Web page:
A rectocele is a unique type of prolapse where the front wall of the rectum falls into the back wall of the vagina. Because of the location, a rectocele is often called a posterior vaginal prolapse. Symptoms of rectocele can vary depending on the size of the prolapse. Treatments are also dependent on severity and size.
Small rectoceles may have no signs or symptoms, but larger ones may cause
- A soft bulge of tissue in the vagina, which may protrude through the vaginal opening
- Difficult bowel movements
- The sensation of rectal pressure or fullness
- Sexual concerns, including sensing vaginal looseness, and embarrassment
- Prolapses of the bladder, uterus, or small intestine are often associated with rectoceles
A rectocele usually occurs due to increased pressure on the pelvic floor. Any action or condition that contributes to this pressure may cause a rectocele. This includes pregnancy, childbirth, straining during bowel movements, repeated heavy lifting, and obesity. Chronic cough, bronchitis, or constipation may also increase pressure in the pelvic floor and weaken the muscles, leading to prolapse.
Several factors may increase the risk of developing a rectocele. Genetics plays a role, as some people are born with weaker connective tissues in their pelvic region, making them more prone to prolapse. Additionally, the risk of prolapse increases with multiple childbirths. Certain incisions used in the birthing process also increase the chances. Obesity is another risk factor because extra weight puts additional pressure on the pelvic floor. Finally, as women age, their bodies lose elasticity and muscle mass, making prolapses more likely.
When to See a Doctor
Rectoceles are extremely common, even in people who have not given birth. In many cases, symptoms are so minor that the woman is unaware she has a rectocele. However, if the prolapsed tissue exits through the vaginal opening, immediate medical attention is necessary. The same is true of lasting constipation that does not respond to treatment.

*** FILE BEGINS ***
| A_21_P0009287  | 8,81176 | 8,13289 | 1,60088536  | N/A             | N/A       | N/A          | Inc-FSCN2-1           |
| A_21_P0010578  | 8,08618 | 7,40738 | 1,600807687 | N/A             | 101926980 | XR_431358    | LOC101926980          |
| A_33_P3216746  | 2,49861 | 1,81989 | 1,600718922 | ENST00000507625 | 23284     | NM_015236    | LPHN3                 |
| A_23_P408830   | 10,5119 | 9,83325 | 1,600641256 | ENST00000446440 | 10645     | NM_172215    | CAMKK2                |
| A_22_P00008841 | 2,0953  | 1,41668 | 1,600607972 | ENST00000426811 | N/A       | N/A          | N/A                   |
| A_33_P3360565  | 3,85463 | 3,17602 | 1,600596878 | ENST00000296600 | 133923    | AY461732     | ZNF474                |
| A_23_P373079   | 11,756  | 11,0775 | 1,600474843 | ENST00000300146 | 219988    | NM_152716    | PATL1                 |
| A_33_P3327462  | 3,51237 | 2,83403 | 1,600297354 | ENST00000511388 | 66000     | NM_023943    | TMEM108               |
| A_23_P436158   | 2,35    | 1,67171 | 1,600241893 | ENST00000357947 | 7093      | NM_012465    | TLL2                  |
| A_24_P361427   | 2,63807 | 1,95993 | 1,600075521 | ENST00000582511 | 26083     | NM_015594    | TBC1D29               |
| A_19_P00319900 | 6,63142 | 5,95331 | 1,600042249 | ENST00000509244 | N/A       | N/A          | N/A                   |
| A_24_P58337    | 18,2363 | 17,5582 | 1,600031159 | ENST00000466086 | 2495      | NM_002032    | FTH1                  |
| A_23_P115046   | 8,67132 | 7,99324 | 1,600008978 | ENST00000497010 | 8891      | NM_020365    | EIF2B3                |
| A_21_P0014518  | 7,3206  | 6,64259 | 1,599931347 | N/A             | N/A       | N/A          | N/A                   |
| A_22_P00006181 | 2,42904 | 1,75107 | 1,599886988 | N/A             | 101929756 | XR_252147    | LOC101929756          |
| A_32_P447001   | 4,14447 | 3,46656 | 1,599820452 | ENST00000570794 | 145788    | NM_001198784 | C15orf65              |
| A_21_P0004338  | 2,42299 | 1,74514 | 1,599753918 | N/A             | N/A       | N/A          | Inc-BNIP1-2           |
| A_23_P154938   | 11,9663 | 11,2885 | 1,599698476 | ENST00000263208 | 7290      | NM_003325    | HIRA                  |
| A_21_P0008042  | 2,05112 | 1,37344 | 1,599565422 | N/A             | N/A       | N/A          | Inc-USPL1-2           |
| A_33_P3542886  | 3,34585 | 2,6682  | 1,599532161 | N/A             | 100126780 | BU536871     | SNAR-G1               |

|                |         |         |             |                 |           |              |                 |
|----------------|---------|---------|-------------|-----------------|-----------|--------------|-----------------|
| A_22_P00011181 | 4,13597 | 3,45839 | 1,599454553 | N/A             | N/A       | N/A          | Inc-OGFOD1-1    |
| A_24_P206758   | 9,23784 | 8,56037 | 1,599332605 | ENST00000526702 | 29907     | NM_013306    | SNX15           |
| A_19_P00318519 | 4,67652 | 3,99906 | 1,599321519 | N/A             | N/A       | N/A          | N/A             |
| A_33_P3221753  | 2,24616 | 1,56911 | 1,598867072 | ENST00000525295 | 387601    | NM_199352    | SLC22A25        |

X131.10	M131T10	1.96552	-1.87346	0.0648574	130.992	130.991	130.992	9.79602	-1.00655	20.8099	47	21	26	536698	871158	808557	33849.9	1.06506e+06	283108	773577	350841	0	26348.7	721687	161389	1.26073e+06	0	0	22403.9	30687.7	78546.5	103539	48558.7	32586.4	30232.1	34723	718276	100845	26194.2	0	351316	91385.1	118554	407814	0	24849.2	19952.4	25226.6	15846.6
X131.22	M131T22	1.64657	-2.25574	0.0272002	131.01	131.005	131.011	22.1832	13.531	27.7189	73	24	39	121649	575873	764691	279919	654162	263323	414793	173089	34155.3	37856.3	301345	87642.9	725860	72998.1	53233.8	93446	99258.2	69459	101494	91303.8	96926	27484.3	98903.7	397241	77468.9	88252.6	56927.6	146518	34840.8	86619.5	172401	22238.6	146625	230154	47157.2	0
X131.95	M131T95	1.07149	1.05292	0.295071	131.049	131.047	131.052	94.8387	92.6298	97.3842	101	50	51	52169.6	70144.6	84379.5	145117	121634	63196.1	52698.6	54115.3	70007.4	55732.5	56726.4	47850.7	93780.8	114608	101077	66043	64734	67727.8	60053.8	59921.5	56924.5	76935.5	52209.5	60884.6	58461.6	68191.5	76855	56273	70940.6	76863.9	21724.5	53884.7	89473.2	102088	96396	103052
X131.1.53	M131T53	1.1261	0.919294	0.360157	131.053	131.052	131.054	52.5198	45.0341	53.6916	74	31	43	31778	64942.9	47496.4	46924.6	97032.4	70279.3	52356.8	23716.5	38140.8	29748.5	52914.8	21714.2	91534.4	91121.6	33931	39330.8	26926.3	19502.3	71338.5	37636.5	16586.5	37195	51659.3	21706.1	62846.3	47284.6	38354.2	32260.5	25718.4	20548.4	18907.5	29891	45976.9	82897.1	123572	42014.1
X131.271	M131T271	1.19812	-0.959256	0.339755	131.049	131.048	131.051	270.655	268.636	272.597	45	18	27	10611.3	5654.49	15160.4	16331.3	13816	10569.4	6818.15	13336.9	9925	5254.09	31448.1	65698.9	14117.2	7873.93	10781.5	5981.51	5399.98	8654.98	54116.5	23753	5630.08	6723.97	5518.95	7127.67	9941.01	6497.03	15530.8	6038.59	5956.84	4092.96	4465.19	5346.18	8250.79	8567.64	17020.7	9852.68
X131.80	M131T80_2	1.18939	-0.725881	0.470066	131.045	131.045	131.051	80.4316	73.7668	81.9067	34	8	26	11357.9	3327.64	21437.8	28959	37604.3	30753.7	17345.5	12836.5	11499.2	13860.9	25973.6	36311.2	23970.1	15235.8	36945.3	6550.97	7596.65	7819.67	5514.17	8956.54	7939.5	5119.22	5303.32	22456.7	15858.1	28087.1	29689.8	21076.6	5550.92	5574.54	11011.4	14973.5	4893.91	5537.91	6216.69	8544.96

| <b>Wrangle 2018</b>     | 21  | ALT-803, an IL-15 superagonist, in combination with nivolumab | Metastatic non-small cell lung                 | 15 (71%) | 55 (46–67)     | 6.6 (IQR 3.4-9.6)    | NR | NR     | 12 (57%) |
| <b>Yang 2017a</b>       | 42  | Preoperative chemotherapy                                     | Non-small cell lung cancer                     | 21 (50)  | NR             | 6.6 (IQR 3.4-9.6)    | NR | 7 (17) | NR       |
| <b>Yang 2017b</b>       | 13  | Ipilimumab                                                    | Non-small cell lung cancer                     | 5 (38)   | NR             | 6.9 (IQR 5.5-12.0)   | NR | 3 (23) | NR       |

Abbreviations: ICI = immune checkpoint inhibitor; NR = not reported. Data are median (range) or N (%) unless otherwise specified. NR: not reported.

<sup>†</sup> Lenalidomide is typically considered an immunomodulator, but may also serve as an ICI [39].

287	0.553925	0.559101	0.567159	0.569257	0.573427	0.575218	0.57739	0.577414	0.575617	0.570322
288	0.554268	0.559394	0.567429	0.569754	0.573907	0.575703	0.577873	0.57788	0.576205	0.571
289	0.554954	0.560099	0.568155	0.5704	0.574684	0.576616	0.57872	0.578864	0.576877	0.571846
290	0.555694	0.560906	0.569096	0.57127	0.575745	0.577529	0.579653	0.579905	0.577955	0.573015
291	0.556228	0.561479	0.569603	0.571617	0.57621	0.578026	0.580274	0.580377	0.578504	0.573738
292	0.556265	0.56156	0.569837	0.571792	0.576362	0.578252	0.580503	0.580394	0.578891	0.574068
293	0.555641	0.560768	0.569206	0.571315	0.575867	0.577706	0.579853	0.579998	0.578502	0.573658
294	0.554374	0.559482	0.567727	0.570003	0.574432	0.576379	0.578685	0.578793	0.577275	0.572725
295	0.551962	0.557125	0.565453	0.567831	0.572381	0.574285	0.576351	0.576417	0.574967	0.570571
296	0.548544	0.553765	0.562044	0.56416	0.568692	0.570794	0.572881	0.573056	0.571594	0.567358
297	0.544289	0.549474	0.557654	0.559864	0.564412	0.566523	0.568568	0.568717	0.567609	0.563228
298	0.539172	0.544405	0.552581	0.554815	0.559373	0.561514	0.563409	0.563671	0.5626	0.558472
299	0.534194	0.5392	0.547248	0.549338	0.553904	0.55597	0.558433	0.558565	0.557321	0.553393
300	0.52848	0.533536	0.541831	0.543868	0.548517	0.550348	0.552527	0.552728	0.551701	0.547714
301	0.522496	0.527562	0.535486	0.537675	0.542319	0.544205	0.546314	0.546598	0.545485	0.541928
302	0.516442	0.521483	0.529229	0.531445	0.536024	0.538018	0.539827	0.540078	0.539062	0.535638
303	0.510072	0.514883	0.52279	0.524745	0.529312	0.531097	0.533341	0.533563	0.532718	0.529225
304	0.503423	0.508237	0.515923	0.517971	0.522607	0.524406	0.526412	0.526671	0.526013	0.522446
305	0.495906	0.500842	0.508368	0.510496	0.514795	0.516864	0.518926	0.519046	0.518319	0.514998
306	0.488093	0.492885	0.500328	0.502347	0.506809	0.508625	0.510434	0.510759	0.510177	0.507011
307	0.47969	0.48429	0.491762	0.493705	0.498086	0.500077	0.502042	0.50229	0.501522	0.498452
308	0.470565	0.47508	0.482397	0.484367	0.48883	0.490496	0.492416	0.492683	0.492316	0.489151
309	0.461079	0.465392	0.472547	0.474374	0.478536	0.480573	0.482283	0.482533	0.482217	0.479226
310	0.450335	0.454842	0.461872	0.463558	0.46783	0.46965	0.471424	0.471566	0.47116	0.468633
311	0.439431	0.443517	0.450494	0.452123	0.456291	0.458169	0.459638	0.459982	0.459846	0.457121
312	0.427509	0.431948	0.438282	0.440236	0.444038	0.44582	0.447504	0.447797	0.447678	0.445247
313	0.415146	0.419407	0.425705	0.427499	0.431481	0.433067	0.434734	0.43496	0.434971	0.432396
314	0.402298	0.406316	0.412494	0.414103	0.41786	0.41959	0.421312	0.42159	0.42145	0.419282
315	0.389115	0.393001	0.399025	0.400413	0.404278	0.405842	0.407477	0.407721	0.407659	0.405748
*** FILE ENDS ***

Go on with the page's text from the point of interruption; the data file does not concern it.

When diagnosing a rectocele, a doctor will usually perform physical exams like a pelvic floor strength test or bladder function test. In a pelvic floor strength exam, the doctor tests the strength of the pelvic floor and sphincter muscles, as well as the various ligaments and muscles that support the other pelvic structures. Bladder function tests determine how well the bladder is storing and eliminating urine. This can indicate any unusual pressure on the bladder or point to weakened muscles.
Doctors use conservative treatment methods for rectoceles that have few or no symptoms. This consists of observation — monitoring the condition and recommending lifestyle changes. If necessary, physicians will insert a vaginal pessary, a plastic or rubber ring that helps support the surrounding tissues. Pessaries require regular removal for cleaning.
Severe prolapses may require surgery, and for extreme rectoceles, a hysterectomy may be necessary. However, most prolapses of this nature are not severe enough to require full removal. Laparoscopies through the vagina can repair most prolapses. Procedures like anterior or posterior colporrhaphy tighten the walls of the vagina, restoring the structure.
As with many procedures, surgical treatment of rectoceles may have complications. Some evidence suggests that hysterectomies increase the risk of prolapse. Bleeding and infection are somewhat common side effects of any surgery. Some people experience pain during intercourse, known as dyspareunia, after having pelvic surgery. Worsening of rectocele symptoms is also possible.
In most instances, it is not possible to prevent vaginal prolapse. However, improving muscle strength and general health may reduce the risk of developing a rectocele. Kegel exercises are extremely important for strengthening the pelvic floor muscles. Limit heavy lifting and use proper technique when lifting is unavoidable. Maintain a healthy diet, consume plenty of fiber, and increase water intake to avoid gain weight or constipation.
Before performing Kegel exercises, it is important to identify the correct muscles. The easiest way to do this is to stop urinating midstream, but do not halt urination more than is necessary to identify the muscles. To do Kegels, imagine sitting on a marble. Try to tighten the muscles that would be responsible for grabbing the marble. Hold the contraction for at least five seconds. Avoid flexing muscles in the abdomen, thighs, or buttocks. Breathe freely during the exercise. Perform three sets of 10 to 15 repetitions each day.